Sometimes it's not a meme. There really is merit to what both sides are saying....when you can get past the blustering/posturing/showmanship and demonizing.

It is undoubtedly true that greater access to birth control benefits the entire health care system in general and women in particular. Women who use birth control are more likely to receive regular check ups and therefore catch problems sooner....I don't need to lay out the argument in favor of birth control...

Moving on

I'm sure there is an example or two out there so I can't speak in absolutes...but almost nobody wants to block women's access to birth control and it's a dick move to accuse opponents of this rule of that. I have never heard a single incident of any of these Catholic institutions attempting to force their employees (Catholic or non-Catholic) to refrain from using birth control.

The question is about who pays for it.

I'm not Catholic. I don't get biblical issue with birth control. It seems kind of stupid to me.

But, I get very squeamish at forcing institutions and those of faith to violate their religious principles. Obviously, there are limits. I don't get squeamish about telling Warren Jeffs he can't fuck 12 year old girls and I don't have a problem with stopping Muslims from committing acts of terror as a part of their Jihad.

Therefore, imho, the question here is whether or not it is reasonable for these institutions to be granted waivers. I lean towards yes. Others may disagree.

But regardless, we should at least be talking about the question without all the horseshit about trying to force religious beliefs on others or controlling women's bodies or denying access to contraception.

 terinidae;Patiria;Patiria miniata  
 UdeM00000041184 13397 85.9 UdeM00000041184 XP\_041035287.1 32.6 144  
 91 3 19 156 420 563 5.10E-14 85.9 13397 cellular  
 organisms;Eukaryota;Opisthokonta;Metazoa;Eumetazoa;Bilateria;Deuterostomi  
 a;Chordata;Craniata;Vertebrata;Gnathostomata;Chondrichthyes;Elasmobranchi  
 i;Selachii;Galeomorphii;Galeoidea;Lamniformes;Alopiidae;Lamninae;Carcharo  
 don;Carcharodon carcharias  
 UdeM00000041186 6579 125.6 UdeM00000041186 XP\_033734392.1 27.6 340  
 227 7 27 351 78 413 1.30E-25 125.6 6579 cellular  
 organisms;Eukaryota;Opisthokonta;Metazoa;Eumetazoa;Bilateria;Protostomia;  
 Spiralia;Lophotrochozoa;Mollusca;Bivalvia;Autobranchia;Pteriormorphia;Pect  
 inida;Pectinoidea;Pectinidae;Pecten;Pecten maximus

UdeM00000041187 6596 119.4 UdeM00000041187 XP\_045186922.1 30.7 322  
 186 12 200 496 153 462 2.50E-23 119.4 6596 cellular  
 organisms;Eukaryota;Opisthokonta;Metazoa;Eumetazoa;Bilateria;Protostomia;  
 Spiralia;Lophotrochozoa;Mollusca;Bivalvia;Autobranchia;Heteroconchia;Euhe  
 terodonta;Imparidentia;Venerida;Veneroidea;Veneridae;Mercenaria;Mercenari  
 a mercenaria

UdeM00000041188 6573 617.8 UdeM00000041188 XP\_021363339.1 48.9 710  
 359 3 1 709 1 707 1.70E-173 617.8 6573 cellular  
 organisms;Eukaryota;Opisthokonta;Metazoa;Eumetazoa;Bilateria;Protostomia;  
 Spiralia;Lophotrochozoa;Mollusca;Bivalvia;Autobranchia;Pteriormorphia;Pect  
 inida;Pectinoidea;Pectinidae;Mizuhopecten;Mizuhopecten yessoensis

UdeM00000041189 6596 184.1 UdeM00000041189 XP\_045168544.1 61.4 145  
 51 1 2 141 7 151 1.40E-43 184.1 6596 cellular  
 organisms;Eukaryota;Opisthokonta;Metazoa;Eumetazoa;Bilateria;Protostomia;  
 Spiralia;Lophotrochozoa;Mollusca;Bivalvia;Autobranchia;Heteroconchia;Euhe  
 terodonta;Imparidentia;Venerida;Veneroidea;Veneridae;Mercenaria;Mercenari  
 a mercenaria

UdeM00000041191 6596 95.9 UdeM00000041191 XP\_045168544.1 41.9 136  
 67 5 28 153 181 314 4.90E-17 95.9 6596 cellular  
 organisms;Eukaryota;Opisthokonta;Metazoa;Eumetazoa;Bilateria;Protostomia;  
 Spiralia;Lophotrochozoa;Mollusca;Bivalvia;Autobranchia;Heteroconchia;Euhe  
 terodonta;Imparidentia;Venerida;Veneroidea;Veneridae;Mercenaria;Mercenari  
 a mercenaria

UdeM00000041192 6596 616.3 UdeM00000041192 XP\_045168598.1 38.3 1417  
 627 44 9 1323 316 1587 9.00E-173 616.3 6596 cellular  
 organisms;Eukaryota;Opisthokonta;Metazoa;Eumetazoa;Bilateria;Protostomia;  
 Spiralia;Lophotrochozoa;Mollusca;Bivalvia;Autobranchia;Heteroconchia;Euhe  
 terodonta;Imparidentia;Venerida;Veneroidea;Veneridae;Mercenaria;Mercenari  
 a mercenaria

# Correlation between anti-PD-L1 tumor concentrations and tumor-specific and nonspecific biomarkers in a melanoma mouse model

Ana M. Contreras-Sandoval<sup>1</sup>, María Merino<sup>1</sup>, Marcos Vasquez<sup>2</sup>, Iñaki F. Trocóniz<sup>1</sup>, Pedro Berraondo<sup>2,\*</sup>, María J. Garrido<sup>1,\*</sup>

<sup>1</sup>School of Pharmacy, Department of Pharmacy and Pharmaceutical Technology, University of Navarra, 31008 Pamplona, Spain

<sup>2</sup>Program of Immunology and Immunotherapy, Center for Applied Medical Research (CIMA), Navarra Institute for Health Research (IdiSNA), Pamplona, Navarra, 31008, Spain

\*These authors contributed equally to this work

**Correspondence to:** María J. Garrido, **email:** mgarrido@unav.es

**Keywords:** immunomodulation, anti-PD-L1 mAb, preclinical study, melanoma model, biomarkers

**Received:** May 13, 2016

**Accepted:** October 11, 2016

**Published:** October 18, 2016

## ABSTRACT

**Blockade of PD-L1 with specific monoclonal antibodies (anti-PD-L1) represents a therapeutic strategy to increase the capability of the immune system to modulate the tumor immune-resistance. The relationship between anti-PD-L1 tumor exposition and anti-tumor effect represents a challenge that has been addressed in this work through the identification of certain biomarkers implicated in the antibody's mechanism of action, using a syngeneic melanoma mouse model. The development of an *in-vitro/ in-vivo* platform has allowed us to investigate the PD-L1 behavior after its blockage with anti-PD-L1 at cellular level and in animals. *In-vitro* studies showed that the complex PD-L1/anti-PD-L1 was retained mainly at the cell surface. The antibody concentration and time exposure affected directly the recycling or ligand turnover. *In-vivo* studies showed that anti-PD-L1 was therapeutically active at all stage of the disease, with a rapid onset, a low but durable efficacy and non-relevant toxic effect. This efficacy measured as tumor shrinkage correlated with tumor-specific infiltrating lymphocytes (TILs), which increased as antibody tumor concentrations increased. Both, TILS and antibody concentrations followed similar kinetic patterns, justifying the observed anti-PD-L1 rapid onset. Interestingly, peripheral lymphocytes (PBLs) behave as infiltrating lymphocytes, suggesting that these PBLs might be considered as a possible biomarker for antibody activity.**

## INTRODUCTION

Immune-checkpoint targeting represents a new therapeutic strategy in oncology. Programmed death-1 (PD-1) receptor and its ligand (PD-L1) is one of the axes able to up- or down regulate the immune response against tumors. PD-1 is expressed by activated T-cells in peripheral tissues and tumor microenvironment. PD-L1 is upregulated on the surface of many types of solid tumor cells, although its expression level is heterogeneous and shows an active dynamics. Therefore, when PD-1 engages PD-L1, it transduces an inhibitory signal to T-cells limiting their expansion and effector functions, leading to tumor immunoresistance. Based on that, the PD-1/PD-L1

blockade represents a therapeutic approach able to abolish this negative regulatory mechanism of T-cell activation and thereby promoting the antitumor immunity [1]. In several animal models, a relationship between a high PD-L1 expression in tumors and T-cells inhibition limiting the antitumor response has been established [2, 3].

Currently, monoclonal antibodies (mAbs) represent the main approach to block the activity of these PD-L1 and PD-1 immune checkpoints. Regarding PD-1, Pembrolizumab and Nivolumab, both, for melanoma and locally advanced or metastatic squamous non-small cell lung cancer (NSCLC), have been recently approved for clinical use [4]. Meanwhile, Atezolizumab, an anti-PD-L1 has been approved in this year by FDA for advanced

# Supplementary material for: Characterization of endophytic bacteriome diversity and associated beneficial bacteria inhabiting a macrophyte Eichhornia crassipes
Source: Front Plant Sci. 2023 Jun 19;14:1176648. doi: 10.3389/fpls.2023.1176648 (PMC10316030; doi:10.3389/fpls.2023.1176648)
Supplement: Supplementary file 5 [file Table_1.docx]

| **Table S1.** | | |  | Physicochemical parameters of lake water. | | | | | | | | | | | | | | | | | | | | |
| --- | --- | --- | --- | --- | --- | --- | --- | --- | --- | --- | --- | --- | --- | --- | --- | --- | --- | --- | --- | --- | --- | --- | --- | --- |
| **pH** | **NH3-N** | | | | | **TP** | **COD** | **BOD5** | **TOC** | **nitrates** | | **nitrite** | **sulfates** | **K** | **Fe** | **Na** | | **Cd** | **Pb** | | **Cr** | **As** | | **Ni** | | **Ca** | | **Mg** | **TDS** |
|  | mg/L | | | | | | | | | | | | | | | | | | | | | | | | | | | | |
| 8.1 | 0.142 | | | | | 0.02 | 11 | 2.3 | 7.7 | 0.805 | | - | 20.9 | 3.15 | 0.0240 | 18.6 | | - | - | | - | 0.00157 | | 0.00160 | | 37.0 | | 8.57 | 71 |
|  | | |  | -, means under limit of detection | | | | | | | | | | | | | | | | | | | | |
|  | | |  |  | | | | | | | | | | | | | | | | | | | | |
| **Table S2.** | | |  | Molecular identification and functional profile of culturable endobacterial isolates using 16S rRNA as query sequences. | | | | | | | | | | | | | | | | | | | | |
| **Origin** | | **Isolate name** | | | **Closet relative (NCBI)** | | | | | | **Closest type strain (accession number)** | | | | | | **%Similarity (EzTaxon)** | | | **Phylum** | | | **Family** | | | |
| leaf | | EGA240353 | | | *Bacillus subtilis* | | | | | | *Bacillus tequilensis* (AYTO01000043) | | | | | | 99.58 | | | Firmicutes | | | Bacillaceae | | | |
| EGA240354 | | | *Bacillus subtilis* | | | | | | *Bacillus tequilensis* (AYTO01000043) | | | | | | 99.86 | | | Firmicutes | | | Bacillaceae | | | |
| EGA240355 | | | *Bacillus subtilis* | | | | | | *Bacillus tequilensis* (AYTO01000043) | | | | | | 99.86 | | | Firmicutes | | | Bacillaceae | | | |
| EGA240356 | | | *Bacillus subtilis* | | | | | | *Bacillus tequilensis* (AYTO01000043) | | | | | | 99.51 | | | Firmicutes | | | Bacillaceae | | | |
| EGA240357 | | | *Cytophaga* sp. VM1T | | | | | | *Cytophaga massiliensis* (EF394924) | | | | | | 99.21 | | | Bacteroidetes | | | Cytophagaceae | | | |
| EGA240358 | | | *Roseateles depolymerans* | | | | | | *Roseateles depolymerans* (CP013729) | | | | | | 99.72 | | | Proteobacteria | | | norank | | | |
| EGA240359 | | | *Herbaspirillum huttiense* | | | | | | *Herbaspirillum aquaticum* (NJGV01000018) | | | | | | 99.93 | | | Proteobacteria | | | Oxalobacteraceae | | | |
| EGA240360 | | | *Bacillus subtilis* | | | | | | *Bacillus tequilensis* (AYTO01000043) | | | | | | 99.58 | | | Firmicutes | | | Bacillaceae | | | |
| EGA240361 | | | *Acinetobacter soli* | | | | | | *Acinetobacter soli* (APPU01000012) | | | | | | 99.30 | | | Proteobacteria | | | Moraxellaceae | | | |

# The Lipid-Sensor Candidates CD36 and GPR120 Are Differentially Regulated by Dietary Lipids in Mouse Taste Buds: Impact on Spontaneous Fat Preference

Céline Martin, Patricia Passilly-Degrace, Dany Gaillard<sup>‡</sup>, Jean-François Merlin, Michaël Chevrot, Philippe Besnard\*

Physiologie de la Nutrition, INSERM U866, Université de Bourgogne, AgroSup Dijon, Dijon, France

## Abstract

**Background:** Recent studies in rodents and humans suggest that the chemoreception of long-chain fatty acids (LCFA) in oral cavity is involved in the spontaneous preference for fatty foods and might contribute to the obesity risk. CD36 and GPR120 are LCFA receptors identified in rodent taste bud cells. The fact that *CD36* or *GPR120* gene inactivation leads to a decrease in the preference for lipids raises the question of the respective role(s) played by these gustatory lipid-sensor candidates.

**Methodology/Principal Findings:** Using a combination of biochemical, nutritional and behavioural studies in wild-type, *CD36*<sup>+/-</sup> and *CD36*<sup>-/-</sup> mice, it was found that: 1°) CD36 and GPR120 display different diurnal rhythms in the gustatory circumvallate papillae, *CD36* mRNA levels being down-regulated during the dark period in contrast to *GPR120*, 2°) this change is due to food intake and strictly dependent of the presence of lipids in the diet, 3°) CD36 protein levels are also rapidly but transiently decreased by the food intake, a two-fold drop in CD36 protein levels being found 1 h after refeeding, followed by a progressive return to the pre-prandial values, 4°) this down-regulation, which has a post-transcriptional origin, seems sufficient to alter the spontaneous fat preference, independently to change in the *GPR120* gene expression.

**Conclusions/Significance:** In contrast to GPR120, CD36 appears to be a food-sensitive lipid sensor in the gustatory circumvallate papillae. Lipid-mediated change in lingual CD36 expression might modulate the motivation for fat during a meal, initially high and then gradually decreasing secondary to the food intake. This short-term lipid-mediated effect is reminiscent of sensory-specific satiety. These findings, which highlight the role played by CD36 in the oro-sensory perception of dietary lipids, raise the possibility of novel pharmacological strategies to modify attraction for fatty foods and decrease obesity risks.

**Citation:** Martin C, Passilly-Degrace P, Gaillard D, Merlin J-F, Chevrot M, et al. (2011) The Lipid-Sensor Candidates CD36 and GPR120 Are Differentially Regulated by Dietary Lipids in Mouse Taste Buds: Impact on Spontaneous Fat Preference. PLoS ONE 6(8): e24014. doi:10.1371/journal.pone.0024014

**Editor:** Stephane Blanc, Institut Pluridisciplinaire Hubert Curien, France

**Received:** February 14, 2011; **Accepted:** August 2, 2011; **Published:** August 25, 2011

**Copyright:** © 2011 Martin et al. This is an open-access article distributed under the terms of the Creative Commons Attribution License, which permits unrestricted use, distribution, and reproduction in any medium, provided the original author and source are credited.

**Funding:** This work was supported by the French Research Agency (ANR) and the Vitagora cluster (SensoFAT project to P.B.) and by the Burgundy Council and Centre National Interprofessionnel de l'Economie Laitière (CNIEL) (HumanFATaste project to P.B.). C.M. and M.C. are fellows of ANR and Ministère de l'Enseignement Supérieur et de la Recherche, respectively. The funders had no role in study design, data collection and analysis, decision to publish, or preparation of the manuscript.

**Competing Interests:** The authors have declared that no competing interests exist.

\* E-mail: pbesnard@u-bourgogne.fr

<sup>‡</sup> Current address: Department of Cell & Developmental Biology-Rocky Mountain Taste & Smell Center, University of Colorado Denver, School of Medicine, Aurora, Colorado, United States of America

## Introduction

Because none of that is true.

Chez said...

I don't have time to fully debate this, but a couple of quick things: A) While certainly the actions of some religions are far, far worse than the actions of others -- as you cited -- they're really all pretty much crazy in one way or another and in a perfect world wouldn't be allowed to in any way supersede real-world necessity or concerns. B) Really? You've never seen a Catholic organization attempt to stop women from using birth control? That's been policy in the church pretty much since the dawn of its existence. Just because it doesn't grab women by the arms and chain them to a wall (anymore) to keep them away from the pill doesn't mean there isn't significant pressure.

Steven D Skelton said...


Your gonna have to get 38 states and 2/3 of the house and senate to get that perfect world. But keep in mind, that same 1st amendment that protects their right to worship also protects your right not to. Places in the world that don't protect the right not to worship are, for the most part, the shitholes of the planet.

Of course the Catholic church attempts to persuade people to refrain from using birth control. But let me answer your question this way, I have never seen a Catholic institution attempt to prohibit the use of birth control. Doesn't mean it hasn't happened at some point somewhere....I've never heard of it.

Chez said...

Hmmm. Do you really think the First Amendment has kept religion safely out of politics and government?

Please tell me you're not that naive.

Eric said...